Over the last few weeks we’ve been thinking about improving terms and conditions. We’ve been learning by making and talking to experts.
We started out with a tool to parse and display terms
The first thing we did was build a prototype to test making it easier for people to read terms and conditions by highlighting certain words and phrases, for example ‘personal information’.
This was a simple starting point that could lead to more sophisticated natural language processing and automatic analysis of terms.
Simple formatting was the most impactful part of the prototype
The biggest surprise testing the prototype was that the most popular feature was its clear headlines, large font sizes and ample spacing.
This basic level of usability is often missing — terms and conditions documents often reflect their heritage as paper documents. Simply presenting documents with semantic HTML — correct use of different levels of headings, for example — can improve their readability.
A lack of standards makes parsing terms difficult
Through building and testing the prototype we learned a lot about how terms and conditions are published and the challenges of this type of tool.
The first hurdle for parsing tools is a lack of consistency of how terms are published. We encountered two-column PDFs, text files and low quality HTML web pages.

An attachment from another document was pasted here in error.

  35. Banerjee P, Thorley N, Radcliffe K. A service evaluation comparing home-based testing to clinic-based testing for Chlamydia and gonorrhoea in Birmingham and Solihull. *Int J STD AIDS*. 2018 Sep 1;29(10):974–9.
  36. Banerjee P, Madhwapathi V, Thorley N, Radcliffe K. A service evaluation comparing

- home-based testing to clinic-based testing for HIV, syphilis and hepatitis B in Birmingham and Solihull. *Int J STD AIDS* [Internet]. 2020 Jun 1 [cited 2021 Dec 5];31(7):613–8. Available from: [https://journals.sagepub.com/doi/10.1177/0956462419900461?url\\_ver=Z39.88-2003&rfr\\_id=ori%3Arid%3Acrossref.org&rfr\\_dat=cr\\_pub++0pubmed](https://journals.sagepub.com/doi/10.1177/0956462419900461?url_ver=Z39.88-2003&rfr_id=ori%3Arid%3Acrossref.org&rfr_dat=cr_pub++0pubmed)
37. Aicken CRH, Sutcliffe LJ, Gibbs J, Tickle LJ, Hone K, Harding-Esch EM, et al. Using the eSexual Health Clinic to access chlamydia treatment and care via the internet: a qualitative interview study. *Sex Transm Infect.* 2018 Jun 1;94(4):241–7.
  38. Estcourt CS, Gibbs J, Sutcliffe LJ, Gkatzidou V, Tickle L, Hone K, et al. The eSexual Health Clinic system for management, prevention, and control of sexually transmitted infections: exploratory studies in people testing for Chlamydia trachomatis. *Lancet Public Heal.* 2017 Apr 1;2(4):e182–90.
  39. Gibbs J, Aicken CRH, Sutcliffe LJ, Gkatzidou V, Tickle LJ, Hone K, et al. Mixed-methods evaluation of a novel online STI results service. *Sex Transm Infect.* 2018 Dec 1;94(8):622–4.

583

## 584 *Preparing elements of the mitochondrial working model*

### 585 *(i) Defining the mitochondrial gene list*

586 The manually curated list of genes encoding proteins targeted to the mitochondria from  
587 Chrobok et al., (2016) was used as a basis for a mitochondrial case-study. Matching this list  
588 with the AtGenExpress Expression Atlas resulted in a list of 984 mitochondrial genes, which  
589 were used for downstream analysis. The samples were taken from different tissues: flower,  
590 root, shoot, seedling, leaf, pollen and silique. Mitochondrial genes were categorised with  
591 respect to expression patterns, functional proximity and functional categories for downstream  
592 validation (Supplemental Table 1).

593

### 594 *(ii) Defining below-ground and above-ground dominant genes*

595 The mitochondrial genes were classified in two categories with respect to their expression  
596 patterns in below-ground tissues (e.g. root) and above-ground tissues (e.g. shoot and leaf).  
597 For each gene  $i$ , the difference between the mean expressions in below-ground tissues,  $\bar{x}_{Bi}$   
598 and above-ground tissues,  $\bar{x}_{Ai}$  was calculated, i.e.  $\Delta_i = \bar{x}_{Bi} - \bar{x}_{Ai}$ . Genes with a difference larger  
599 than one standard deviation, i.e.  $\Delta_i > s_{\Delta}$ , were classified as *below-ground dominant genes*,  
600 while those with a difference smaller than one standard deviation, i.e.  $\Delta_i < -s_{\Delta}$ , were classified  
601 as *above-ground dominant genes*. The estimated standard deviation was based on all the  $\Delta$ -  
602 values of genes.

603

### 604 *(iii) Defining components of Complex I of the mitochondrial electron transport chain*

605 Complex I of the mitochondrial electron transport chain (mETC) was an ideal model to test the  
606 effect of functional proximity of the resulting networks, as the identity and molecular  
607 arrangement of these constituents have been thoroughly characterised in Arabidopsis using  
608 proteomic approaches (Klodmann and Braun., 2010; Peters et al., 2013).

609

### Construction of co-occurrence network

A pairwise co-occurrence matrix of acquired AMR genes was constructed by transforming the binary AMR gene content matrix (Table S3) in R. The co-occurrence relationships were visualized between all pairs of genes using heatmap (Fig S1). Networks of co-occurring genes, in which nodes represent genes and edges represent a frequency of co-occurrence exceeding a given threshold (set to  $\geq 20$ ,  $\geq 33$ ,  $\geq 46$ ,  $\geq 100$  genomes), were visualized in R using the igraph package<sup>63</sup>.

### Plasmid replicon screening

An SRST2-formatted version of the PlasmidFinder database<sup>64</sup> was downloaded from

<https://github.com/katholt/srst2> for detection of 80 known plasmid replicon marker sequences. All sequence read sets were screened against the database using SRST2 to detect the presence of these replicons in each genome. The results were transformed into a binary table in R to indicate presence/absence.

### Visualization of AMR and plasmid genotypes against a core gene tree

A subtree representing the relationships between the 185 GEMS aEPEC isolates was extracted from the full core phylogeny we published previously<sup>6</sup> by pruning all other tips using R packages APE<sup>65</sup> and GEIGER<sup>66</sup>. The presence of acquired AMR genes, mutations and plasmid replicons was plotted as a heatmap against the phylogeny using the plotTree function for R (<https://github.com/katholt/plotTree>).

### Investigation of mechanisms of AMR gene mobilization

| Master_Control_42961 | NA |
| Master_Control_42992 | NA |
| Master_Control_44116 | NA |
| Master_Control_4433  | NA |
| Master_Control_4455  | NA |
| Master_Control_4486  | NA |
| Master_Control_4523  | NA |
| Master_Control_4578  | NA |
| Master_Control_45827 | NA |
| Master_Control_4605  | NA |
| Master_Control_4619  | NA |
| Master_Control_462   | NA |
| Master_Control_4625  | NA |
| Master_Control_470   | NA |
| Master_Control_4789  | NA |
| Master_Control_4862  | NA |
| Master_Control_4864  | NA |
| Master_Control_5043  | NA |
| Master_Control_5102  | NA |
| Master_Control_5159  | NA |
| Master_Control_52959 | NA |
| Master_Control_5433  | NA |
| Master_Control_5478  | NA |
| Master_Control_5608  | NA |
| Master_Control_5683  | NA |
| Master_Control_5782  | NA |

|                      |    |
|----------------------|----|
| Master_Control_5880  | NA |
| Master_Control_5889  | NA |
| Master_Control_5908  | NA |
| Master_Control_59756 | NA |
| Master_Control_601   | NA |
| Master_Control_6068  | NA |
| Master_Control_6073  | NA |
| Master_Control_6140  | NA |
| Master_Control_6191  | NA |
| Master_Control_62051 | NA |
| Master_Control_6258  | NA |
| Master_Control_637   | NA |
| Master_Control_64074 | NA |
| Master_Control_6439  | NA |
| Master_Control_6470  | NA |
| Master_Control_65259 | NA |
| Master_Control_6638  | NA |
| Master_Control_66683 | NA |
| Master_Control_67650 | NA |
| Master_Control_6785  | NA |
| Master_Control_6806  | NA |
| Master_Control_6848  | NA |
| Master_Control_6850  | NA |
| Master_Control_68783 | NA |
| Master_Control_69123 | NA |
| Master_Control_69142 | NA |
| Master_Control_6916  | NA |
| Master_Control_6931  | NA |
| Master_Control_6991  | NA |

The lack of standards makes it difficult to extract the structure of the content reliably, and that’s the first stage of doing meaningful parsing.
There are different ways to tackle this problem:
- Spend engineering effort on parsing different types of format, automatically recognising headings, definitions and so on
- Influence the way terms are published in the first place
At this point it feels like there’s more potential looking at the content of the terms rather than automatically importing different formats.
We’ll definitely revisit parsing, but next we’ll talk through ways we might improve the publishing of terms and conditions.